We examine the efficiency, distributional, and environmental consequences of assigning spatial property rights to part of a spatially-connected natural resource, a situation which we refer to as partial enclosure of the commons. The model reflects on a large class of institutions and natural resources for which complete enclosure by a sole owner may be desirable, but is often institutionally impractical. When a sole owner is granted ownership of only a fraction of the spatial domain of the resource and the remainder of the resource is competed for by an open access fringe, interesting spatial externalities arise. We obtain sharp analytical results regarding partial enclosure of the commons including: (1) While second best, it always improves welfare relative to no property rights, (2) all resource users are made better off, (3) positive rents arise in the open access area, and the resource will maintain higher abundance. Under spatial heterogeneity, we also characterize spatial regions that are ideal candidates for partial enclosure – typically, society should seek to enclose those patches with high ecological productivity and high self-retention, but whether high economic parameters promote or relegate a patch may depend on one’s objective. These results help inform a burgeoning trend around the world to partially enclose the commons.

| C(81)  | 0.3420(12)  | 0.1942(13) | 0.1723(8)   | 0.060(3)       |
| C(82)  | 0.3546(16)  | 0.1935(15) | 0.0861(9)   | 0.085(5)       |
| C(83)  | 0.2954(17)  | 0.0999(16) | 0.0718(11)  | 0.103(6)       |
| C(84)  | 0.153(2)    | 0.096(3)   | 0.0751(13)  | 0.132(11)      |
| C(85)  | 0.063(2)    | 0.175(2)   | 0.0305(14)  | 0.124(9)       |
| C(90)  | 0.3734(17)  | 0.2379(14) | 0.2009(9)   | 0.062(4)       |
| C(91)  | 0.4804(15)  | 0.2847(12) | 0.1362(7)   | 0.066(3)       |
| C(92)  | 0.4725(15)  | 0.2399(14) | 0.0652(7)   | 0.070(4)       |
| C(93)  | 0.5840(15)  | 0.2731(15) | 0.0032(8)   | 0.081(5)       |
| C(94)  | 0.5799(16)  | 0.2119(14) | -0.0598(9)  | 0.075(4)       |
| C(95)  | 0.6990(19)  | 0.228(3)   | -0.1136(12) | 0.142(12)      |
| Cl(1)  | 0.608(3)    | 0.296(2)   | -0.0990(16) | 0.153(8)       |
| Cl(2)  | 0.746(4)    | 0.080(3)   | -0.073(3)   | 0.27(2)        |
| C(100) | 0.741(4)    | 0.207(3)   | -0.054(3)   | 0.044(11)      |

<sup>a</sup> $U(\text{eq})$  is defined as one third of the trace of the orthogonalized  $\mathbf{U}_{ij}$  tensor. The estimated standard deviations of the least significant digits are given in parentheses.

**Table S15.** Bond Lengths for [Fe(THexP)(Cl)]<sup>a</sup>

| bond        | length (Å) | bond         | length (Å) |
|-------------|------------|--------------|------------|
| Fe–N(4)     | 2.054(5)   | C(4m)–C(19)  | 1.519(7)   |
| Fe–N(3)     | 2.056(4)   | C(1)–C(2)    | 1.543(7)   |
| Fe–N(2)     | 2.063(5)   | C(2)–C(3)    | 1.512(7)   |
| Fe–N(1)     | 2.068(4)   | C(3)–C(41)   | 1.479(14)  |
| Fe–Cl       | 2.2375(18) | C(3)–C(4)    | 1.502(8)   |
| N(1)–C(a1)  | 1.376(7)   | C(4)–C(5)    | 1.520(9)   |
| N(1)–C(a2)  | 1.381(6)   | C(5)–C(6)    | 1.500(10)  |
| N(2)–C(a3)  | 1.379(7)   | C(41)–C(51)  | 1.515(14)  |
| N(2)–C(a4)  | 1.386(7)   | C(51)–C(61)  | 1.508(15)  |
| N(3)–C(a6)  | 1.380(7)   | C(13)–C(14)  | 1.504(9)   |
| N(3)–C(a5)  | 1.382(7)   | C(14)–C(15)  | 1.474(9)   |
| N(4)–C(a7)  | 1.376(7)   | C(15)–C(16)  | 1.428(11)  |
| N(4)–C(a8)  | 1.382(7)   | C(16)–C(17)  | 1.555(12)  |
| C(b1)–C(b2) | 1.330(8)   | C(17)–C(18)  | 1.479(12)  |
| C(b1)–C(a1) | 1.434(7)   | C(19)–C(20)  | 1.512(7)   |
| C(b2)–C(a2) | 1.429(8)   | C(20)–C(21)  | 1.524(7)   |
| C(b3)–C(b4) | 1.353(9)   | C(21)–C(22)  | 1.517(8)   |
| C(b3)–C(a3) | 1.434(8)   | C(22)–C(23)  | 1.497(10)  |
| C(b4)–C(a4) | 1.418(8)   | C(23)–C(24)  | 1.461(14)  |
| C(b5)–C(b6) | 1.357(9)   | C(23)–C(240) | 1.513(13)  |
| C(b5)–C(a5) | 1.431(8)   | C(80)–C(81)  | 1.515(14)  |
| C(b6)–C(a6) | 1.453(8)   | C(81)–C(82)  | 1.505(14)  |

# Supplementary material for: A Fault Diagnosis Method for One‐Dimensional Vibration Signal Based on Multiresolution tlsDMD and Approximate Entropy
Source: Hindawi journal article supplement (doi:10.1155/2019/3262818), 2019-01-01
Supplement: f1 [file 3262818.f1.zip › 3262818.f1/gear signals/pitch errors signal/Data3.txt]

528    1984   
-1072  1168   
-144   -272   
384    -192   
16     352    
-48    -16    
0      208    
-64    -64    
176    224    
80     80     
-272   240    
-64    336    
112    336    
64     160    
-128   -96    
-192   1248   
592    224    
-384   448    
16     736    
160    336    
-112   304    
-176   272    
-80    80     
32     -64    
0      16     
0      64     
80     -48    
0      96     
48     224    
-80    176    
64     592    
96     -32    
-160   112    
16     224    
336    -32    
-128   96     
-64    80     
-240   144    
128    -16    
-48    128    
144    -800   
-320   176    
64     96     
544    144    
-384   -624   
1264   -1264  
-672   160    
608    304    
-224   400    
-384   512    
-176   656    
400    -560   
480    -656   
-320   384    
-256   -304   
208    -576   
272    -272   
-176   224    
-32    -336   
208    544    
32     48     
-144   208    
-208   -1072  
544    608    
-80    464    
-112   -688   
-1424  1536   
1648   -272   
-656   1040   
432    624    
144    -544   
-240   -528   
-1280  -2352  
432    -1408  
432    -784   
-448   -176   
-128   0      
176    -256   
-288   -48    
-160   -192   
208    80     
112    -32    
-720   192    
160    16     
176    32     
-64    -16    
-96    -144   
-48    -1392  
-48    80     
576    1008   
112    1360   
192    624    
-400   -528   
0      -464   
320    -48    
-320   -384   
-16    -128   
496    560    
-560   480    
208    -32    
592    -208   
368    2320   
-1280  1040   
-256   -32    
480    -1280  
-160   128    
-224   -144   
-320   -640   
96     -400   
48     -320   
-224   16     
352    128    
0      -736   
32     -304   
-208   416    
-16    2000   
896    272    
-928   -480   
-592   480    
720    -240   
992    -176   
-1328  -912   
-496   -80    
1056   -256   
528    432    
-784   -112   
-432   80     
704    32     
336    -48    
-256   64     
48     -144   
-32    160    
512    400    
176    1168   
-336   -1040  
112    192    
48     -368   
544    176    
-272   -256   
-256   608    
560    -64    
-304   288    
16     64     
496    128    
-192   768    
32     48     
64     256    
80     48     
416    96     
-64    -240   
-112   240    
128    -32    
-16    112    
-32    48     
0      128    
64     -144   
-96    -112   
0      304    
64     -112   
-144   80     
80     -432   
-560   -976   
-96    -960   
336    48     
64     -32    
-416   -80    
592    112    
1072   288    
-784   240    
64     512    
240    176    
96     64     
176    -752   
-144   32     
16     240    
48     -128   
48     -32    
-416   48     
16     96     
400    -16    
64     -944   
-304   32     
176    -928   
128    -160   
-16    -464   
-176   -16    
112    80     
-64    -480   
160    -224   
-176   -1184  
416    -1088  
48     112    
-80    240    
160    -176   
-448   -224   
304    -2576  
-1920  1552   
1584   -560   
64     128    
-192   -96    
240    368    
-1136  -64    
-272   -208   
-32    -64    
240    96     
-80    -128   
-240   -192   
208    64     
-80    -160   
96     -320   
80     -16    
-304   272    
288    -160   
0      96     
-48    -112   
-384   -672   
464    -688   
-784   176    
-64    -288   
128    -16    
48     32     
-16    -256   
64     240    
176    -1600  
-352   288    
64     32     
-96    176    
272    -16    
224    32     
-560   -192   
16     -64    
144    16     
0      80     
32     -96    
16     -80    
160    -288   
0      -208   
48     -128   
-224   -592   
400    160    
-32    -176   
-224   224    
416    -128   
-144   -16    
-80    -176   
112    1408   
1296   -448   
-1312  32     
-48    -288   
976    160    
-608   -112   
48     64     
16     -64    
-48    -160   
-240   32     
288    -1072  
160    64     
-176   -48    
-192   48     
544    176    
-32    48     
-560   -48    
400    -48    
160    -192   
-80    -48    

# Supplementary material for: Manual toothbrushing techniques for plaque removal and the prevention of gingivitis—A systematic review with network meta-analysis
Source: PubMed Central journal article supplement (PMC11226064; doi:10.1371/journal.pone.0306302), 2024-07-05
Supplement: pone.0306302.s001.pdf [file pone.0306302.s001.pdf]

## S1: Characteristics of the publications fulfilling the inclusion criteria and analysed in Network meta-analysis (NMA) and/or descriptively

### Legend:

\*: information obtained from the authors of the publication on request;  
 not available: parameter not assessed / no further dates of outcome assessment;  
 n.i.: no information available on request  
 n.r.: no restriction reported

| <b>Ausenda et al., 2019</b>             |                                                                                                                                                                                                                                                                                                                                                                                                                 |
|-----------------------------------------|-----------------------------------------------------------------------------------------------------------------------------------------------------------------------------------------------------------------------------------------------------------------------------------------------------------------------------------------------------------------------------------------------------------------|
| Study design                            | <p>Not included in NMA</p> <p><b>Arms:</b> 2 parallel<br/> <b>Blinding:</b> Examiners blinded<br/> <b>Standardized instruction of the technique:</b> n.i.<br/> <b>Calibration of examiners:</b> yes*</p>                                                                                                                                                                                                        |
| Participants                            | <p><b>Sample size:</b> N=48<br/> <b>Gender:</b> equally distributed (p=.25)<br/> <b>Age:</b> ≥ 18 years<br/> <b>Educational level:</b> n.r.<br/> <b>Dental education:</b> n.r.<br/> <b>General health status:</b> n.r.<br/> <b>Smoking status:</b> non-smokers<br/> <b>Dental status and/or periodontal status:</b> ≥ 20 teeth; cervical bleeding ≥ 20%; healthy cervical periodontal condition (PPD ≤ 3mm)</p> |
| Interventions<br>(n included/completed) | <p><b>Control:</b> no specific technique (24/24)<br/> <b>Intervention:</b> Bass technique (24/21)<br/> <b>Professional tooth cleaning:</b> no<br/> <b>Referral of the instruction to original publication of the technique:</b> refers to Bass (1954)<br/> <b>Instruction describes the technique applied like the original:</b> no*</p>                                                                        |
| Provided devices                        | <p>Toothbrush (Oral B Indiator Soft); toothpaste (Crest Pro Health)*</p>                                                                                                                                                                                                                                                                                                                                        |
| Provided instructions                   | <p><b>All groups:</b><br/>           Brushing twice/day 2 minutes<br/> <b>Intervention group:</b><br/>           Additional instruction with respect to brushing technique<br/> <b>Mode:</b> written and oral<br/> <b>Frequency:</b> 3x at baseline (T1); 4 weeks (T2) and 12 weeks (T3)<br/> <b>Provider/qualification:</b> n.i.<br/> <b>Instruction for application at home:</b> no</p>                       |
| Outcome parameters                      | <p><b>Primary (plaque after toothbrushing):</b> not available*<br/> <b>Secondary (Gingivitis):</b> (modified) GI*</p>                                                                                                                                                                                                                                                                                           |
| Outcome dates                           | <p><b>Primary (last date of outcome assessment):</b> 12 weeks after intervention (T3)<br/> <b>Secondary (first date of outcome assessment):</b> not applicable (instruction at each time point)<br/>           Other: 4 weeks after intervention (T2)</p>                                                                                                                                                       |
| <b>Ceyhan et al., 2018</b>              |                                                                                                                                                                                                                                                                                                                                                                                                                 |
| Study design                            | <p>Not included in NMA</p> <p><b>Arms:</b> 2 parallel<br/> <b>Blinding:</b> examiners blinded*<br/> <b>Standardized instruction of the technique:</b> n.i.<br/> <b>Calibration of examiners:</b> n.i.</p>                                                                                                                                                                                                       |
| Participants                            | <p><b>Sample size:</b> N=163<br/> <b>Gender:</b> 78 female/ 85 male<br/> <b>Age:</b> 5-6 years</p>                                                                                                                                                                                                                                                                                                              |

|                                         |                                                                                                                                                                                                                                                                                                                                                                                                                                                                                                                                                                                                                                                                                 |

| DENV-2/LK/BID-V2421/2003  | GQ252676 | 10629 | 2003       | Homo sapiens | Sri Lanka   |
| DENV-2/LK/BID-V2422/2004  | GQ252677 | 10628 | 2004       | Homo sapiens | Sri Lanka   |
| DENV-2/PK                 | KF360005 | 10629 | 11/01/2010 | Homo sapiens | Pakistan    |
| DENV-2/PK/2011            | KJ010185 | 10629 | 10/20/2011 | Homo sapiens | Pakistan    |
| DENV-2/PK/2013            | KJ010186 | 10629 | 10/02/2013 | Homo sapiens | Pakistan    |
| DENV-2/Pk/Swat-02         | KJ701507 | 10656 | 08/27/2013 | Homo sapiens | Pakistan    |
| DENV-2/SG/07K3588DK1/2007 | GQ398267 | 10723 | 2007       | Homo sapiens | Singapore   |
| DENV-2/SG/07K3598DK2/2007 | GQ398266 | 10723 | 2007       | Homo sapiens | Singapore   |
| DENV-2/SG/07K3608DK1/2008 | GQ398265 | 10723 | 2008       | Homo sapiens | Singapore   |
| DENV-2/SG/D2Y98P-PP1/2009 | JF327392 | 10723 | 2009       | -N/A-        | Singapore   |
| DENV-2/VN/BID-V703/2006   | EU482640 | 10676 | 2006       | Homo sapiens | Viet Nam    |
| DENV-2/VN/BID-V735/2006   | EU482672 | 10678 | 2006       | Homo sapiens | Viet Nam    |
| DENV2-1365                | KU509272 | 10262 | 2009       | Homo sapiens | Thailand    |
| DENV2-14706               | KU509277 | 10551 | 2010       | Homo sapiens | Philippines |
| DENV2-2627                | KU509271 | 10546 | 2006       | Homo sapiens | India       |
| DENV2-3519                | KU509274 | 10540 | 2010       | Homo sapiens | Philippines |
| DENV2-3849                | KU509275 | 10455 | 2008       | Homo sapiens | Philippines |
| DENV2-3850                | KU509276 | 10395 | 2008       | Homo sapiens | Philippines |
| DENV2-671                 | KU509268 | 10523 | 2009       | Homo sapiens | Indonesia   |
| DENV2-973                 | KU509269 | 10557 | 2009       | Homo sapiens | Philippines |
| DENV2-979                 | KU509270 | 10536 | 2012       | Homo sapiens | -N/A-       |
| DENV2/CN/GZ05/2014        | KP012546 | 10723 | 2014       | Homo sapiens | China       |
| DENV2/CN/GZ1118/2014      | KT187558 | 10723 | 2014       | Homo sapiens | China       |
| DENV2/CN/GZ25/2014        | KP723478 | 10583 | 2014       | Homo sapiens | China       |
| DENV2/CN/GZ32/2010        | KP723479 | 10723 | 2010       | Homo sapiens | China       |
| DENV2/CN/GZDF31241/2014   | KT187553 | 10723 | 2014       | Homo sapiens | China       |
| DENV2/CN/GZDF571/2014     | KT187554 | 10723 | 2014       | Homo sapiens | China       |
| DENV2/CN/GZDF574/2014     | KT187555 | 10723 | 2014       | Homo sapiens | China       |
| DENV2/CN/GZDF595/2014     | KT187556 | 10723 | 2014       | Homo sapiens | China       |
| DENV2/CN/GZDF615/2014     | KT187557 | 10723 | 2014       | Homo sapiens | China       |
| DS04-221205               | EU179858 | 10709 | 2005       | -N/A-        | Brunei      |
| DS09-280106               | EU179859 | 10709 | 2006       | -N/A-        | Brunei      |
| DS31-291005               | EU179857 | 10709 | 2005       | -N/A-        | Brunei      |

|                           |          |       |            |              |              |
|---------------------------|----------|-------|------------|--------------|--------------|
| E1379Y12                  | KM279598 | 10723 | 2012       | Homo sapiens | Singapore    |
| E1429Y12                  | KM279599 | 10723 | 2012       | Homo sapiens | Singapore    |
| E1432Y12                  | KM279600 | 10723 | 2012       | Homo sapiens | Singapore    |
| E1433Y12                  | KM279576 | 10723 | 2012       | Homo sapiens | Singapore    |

Partial enclosure of the commons
14 January 2014